Wave Hill view
View of the Palisades from Wave Hill

Views and vistas need to be preserved.  They are seldom considered when giant wind turbines are erected on mountain tops or along the shoreline. They’re not considered when housing developments climb up a hillside.  They’re not considered when a swath of land is taken up for new corporate headquarters.  Yet a property with a view is worth more than one without.

Parks and public spaces aren’t enough to protect many views that are in the way of our continued sprawl as well as so-called environmental progress.  In the New York metro region, land is valuable and in increasing short supply hours and miles away from the city. Our views need to be preserved as much as the remaining open space.

Views and vistas are part of the environment and should be preserved as such.  Shouldn’t the beauty of the earth’s landscape be just as important as saving its air, waterways and soil?  Humans need beauty as much as air, water, and soil.  For me, and many others I suspect, these views and vistas move me to my deepest core.  My heart stops on a drive or hike when I get a glimpse of the beauty of a vista and world beyond.  They soothe me when little else will, and inspire me when all else fails.  They deserve respect and preservation.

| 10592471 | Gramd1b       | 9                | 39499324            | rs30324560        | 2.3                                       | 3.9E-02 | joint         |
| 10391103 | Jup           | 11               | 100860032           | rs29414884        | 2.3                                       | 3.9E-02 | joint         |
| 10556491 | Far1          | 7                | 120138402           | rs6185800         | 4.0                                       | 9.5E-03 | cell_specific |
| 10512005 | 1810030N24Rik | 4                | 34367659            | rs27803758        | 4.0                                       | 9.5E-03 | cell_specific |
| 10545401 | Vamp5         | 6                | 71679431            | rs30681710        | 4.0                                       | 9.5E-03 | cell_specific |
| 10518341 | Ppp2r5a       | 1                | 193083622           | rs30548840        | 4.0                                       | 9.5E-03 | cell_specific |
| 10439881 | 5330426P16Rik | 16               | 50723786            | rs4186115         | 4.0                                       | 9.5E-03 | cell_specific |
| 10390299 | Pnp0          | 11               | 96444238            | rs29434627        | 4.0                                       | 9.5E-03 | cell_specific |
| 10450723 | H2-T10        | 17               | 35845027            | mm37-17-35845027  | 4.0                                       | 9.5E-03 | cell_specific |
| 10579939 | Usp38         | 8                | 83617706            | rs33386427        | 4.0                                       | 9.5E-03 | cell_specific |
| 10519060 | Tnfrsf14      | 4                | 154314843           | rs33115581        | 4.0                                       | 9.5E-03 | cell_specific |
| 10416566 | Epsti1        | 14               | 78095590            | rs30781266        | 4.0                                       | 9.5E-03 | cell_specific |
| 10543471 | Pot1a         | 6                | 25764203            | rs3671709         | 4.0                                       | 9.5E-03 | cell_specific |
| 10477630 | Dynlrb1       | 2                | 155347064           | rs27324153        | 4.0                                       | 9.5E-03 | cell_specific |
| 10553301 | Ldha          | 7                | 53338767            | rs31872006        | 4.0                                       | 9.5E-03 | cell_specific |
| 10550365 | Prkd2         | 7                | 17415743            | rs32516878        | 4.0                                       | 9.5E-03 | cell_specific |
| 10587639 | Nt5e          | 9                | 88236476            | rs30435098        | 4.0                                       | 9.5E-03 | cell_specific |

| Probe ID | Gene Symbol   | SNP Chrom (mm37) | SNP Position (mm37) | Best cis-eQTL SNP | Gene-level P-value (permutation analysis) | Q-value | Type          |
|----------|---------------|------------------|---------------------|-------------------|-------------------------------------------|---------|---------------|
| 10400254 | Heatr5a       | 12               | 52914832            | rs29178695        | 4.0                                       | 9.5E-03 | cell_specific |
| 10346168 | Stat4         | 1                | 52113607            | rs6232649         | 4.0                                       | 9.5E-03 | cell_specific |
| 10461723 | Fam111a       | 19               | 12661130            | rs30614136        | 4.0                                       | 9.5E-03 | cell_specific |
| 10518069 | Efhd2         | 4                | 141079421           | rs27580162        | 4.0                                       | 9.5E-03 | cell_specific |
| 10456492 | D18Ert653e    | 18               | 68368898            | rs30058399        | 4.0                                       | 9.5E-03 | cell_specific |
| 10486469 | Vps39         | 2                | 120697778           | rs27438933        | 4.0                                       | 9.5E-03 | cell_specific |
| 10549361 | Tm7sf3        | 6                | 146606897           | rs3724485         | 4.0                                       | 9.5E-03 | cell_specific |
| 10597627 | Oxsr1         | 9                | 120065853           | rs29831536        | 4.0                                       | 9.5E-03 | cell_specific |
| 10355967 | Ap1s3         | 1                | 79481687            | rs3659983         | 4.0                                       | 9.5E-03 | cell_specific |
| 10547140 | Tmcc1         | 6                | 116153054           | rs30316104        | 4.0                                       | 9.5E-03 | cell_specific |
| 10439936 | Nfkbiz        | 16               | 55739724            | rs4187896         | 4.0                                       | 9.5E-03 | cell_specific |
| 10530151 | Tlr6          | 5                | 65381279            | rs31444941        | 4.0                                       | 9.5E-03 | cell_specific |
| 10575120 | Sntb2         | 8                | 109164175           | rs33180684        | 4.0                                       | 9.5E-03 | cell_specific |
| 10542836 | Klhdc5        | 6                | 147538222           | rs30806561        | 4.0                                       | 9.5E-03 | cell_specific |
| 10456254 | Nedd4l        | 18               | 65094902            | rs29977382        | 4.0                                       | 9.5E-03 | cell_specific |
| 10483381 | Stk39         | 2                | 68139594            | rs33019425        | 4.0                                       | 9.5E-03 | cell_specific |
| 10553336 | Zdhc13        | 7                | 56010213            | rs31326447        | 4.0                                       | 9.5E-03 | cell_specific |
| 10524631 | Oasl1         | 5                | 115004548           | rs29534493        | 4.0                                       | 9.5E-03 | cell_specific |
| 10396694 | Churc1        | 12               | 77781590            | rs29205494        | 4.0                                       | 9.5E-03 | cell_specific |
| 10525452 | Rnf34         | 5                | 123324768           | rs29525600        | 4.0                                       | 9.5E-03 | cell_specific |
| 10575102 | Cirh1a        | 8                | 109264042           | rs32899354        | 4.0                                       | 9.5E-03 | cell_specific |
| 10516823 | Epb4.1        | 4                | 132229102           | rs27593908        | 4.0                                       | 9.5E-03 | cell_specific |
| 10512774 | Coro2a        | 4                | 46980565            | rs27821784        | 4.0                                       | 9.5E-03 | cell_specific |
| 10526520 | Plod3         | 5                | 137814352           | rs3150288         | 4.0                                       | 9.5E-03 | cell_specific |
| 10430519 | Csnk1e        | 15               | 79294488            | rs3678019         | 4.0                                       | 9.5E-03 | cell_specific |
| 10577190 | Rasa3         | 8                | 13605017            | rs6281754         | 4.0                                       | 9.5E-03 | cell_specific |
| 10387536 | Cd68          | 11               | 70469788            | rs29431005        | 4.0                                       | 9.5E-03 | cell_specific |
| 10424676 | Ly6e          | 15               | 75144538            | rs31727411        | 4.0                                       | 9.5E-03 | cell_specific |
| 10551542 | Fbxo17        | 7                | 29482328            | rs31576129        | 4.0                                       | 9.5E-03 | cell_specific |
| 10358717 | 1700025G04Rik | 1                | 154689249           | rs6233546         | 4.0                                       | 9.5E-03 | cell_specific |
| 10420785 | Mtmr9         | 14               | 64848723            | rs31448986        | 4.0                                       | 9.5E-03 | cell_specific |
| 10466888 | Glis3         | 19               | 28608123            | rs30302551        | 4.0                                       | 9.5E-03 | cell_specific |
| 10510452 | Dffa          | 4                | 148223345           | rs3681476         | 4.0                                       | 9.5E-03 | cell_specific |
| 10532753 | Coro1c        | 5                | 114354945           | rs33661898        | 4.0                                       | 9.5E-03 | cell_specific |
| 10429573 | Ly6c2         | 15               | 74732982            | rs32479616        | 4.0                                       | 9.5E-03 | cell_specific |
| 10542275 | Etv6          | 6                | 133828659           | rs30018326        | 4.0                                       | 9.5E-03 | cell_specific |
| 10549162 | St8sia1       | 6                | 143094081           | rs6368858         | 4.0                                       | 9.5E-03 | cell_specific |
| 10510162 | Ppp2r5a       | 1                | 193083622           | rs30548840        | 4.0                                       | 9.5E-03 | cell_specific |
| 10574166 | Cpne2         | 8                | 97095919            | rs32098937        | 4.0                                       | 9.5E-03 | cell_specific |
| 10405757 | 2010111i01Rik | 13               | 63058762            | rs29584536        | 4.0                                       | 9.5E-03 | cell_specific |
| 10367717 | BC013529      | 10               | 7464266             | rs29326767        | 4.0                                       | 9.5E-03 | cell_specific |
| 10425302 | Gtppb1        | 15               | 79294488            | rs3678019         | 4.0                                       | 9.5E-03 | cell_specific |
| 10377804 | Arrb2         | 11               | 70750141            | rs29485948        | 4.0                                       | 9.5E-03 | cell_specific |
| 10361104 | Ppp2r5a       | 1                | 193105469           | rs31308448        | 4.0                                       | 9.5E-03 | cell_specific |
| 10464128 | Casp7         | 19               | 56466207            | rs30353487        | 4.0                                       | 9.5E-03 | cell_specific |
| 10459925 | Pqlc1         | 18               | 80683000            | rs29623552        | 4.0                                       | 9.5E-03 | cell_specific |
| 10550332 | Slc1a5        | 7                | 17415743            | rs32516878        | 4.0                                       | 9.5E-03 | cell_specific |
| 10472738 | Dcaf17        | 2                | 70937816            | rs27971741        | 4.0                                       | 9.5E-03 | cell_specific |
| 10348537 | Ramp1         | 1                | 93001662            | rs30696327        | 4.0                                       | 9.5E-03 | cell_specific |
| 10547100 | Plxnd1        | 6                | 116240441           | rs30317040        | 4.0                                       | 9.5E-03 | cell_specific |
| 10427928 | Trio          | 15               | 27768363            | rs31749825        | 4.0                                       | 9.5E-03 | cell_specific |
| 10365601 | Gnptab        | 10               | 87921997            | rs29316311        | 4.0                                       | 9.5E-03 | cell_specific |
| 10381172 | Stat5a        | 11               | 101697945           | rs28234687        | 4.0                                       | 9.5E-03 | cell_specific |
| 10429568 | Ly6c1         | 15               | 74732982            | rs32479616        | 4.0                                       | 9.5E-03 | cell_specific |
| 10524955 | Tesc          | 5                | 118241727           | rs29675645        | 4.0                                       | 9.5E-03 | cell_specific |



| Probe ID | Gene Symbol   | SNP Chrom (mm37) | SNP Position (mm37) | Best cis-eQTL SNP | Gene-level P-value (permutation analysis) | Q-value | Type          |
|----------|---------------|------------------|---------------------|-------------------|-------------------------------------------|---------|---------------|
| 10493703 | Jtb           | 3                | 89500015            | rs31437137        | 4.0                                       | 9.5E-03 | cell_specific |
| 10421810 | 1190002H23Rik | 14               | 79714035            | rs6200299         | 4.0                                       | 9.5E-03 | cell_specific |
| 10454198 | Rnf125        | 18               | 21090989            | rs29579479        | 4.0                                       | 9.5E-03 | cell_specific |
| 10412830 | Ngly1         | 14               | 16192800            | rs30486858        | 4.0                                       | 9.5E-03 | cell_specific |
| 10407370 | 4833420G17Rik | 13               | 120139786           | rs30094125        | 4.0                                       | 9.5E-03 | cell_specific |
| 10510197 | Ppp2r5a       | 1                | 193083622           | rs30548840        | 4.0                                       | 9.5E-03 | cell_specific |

Graphic Recycled Garden Furniture

I am not a fan of the current trend that extols us to grab a shipping pallet or some cast off boards and use them to make something else.  Most of what results still looks like garbage.  Who cares if the materials are free?

These chairs by Old & Board satisfy my designer instincts and are made from recycled wood.

recycled wood garden furniture
Super graphics and high style

I saw them in person (and sat in them) at both Flora Grubb Gardens and The Gardener while I was in San Francisco last month.

Recycled garden furnture
Graphic additions make the simple design
Recycled garden furniture
More graphics
Benzinger Winery Insectary Trellises

Barrel Stave Garden Trellis

Before I start dashing around this morning I wanted to share this with you.  While in California two weeks ago with APLD, I visited Benzinger Family Winery in Sonoma.  They have an incredible biodynamic operation that among many other things includes an insectary.

Benzinger Winery Insectary Trellises

I keep on thinking about these beautiful, sculptural trellis structures in the insectary that were in part made from re-purposed barrel staves and wondering how I can interpret the idea in a client’s design.